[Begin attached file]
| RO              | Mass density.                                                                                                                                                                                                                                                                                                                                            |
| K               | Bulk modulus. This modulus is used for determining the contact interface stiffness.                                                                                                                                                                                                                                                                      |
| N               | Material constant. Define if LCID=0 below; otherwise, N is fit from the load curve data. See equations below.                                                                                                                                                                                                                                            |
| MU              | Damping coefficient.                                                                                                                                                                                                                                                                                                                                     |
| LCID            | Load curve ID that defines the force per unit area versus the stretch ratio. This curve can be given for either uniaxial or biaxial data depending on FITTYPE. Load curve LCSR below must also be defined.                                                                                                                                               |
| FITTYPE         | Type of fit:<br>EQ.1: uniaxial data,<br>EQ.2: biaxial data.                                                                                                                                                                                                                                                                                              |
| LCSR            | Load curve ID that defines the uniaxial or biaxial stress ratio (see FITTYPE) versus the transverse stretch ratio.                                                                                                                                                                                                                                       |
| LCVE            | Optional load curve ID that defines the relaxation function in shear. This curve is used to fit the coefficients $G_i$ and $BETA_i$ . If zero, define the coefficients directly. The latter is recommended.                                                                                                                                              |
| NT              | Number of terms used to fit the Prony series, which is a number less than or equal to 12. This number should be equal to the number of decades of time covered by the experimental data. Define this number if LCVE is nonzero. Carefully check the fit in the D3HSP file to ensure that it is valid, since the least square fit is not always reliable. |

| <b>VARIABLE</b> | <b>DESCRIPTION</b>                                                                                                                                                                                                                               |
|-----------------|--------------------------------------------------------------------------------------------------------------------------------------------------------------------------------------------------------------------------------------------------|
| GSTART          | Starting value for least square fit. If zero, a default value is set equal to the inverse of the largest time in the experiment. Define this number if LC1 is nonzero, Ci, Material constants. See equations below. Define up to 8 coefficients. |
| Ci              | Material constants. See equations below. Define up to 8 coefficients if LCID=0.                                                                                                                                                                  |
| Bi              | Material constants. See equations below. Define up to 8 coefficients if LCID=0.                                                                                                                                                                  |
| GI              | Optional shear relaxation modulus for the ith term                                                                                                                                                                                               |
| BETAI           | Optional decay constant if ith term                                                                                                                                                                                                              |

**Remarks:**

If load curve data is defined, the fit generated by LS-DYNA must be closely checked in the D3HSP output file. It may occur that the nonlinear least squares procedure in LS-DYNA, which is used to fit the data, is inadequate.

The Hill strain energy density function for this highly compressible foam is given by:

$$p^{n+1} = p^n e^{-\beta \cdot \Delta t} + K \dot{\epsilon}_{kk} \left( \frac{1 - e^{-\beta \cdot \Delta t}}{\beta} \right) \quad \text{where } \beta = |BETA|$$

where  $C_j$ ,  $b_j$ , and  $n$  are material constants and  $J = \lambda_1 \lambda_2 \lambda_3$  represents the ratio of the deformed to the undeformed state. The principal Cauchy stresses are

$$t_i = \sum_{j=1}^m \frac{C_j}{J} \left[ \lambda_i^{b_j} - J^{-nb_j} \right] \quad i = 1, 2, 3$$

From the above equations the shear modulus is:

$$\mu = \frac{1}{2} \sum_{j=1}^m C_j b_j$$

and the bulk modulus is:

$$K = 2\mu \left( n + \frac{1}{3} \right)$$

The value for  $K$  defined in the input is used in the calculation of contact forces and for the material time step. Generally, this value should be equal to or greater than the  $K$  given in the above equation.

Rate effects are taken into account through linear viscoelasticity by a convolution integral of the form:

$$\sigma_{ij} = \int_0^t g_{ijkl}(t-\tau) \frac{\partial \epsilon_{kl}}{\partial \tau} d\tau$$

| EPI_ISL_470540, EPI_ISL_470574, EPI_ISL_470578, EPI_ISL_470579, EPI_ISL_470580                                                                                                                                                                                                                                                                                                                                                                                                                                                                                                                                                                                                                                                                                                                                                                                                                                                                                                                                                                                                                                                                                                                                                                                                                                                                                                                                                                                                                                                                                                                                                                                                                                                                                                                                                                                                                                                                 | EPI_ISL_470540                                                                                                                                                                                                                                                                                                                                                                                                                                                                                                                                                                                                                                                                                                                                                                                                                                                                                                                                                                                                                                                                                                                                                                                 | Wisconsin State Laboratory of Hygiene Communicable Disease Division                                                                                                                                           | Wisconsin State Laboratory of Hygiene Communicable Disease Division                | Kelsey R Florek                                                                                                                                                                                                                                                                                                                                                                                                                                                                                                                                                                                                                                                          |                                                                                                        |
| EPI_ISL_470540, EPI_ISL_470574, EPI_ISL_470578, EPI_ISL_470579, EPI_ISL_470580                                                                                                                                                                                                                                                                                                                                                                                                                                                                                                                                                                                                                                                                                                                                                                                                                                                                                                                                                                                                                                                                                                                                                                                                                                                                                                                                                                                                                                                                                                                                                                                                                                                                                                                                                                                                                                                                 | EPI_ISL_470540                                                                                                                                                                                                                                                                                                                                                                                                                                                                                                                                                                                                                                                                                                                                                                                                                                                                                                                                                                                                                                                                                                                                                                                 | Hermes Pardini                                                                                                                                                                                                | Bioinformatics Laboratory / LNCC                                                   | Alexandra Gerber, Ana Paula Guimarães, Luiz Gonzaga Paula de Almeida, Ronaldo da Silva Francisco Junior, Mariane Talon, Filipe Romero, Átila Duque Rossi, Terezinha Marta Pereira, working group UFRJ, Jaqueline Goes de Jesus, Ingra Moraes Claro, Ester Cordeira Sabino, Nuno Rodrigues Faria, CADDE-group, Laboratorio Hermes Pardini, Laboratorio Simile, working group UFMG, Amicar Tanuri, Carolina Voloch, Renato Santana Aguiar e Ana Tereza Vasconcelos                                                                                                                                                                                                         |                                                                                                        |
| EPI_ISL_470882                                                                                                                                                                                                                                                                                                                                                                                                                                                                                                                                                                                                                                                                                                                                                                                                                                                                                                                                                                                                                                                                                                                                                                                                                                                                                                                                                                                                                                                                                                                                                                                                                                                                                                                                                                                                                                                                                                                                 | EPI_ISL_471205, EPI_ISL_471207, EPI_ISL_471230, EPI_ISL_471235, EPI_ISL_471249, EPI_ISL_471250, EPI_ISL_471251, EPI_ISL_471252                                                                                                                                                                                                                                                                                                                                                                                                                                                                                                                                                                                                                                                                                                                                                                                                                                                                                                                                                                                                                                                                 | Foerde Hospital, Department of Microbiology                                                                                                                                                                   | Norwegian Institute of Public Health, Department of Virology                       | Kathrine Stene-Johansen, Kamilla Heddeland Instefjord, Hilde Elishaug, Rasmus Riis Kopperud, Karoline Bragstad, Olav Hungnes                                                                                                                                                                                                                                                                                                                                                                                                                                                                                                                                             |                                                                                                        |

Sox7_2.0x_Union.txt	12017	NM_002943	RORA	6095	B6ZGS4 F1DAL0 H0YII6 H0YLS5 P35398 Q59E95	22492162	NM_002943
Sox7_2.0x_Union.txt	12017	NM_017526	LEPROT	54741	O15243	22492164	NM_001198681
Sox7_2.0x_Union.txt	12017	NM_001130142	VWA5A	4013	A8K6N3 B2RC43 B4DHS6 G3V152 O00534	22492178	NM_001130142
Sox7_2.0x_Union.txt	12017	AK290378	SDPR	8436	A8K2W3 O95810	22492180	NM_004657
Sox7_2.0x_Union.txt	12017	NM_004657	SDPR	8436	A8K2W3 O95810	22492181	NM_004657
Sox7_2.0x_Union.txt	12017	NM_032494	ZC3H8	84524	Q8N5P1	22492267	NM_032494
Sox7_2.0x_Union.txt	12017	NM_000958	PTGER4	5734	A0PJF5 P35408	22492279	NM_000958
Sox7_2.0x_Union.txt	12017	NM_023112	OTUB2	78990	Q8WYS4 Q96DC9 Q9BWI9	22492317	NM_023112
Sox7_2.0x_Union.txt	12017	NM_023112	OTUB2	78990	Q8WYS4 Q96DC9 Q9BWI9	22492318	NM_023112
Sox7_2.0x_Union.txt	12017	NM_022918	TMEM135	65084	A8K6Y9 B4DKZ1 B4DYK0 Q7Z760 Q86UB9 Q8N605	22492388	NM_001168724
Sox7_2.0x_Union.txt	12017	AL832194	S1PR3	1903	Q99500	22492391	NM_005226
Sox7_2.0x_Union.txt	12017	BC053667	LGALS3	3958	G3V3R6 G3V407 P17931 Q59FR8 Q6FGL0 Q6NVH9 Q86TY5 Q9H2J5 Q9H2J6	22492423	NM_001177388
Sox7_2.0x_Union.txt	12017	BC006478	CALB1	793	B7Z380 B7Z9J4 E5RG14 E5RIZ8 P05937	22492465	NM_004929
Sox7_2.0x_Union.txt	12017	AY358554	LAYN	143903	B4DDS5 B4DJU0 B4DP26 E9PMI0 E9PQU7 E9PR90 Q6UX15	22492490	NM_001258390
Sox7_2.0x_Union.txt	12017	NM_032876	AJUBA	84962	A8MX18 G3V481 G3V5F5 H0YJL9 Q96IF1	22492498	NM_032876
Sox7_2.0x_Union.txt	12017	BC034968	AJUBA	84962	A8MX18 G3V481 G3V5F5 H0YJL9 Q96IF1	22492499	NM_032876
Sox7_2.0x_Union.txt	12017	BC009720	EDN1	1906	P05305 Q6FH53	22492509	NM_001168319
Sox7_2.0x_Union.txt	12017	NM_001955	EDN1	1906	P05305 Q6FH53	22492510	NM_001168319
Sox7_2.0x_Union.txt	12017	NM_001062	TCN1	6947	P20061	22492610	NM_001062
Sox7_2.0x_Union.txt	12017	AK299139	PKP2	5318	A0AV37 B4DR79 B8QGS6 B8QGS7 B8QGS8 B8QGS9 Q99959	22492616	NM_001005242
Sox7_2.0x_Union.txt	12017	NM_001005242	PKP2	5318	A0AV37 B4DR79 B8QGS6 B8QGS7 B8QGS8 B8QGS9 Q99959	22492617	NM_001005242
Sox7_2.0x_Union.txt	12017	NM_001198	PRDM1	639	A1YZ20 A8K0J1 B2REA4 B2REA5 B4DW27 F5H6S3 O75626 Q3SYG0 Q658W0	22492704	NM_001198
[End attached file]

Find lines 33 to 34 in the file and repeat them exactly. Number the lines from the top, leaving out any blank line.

Sox7_2.0x_Union.txt	12017	NM_002943	RORA	6095	B6ZGS4 F1DAL0 H0YII6 H0YLS5 P35398 Q59E95	22492162	NM_002943
Sox7_2.0x_Union.txt	12017	NM_017526	LEPROT	54741	O15243	22492164	NM_001198681